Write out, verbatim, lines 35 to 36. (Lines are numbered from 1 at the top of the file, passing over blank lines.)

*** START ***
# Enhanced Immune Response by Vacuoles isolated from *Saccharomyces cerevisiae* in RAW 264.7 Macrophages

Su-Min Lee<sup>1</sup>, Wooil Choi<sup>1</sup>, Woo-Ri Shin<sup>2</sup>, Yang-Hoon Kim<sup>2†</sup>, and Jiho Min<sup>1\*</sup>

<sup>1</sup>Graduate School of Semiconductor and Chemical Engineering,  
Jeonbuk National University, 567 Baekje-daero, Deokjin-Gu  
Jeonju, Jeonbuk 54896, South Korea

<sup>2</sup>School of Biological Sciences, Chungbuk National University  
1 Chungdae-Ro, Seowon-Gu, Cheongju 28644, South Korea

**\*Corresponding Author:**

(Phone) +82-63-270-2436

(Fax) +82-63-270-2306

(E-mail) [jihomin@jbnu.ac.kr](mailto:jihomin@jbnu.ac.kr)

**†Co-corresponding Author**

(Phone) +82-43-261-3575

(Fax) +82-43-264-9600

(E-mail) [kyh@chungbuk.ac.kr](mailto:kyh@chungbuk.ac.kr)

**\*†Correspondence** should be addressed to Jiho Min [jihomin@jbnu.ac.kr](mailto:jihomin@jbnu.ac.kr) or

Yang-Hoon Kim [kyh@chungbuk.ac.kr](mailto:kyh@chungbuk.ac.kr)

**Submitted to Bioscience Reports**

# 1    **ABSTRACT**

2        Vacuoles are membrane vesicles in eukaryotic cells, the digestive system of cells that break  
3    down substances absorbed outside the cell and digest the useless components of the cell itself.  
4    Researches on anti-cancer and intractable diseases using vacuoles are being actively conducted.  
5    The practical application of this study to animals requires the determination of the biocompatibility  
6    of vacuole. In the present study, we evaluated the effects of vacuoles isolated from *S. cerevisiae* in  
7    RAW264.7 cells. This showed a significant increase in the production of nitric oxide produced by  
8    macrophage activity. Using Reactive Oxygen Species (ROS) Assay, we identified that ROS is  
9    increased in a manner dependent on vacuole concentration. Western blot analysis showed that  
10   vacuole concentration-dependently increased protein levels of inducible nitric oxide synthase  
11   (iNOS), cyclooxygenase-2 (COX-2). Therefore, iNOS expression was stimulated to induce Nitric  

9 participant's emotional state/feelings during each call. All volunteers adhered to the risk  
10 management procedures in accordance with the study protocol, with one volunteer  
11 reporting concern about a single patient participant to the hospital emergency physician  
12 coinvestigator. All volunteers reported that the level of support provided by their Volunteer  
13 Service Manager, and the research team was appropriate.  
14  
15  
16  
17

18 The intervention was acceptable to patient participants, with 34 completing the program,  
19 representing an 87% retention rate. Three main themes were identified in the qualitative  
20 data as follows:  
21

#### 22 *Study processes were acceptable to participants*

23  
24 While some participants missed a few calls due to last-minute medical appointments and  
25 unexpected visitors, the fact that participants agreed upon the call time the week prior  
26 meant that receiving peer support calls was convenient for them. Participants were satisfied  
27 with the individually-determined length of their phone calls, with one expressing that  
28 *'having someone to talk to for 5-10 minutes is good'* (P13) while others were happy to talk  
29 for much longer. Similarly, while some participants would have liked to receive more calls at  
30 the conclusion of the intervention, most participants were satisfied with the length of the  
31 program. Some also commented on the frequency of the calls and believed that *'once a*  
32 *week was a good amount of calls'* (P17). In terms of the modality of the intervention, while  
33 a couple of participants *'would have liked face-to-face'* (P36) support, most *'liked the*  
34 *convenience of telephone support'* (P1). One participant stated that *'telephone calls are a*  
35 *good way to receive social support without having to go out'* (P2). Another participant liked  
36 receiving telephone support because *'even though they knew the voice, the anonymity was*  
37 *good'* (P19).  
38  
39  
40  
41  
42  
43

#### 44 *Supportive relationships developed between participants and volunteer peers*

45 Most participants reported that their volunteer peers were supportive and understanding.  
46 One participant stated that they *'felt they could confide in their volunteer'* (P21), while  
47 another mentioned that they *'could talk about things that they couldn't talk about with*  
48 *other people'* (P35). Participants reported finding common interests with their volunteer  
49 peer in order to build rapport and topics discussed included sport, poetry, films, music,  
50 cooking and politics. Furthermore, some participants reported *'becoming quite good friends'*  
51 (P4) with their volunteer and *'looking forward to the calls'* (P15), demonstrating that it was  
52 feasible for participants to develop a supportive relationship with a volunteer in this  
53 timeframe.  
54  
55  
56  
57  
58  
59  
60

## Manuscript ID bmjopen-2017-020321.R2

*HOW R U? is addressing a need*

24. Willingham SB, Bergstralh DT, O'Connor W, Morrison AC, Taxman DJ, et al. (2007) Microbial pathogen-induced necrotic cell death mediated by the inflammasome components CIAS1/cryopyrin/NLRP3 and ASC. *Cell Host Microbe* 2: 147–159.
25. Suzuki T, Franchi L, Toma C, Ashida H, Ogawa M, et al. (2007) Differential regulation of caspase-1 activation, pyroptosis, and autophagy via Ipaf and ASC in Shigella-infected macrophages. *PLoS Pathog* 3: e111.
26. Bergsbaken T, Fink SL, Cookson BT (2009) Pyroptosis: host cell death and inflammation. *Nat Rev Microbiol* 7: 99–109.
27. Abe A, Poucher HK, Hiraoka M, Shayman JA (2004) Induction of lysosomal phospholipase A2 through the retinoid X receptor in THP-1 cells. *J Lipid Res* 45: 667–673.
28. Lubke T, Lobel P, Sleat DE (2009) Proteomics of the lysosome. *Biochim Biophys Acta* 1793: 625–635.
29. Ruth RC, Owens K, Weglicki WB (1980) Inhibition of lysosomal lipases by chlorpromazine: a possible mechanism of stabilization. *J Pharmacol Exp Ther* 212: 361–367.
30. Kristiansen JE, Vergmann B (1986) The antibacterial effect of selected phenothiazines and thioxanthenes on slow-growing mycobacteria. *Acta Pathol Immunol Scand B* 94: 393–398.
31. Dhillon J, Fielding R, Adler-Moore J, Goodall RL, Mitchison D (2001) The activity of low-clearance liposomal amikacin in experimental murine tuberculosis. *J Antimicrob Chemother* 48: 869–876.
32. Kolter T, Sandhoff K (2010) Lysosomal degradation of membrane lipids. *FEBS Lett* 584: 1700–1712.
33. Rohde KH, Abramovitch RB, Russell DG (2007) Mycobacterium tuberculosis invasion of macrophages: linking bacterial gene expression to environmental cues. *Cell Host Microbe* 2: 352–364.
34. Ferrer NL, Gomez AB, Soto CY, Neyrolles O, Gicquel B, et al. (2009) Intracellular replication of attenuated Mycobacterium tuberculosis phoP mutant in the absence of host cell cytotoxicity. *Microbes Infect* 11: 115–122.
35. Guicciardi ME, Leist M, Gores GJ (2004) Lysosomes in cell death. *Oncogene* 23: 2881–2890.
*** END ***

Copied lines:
14  
15  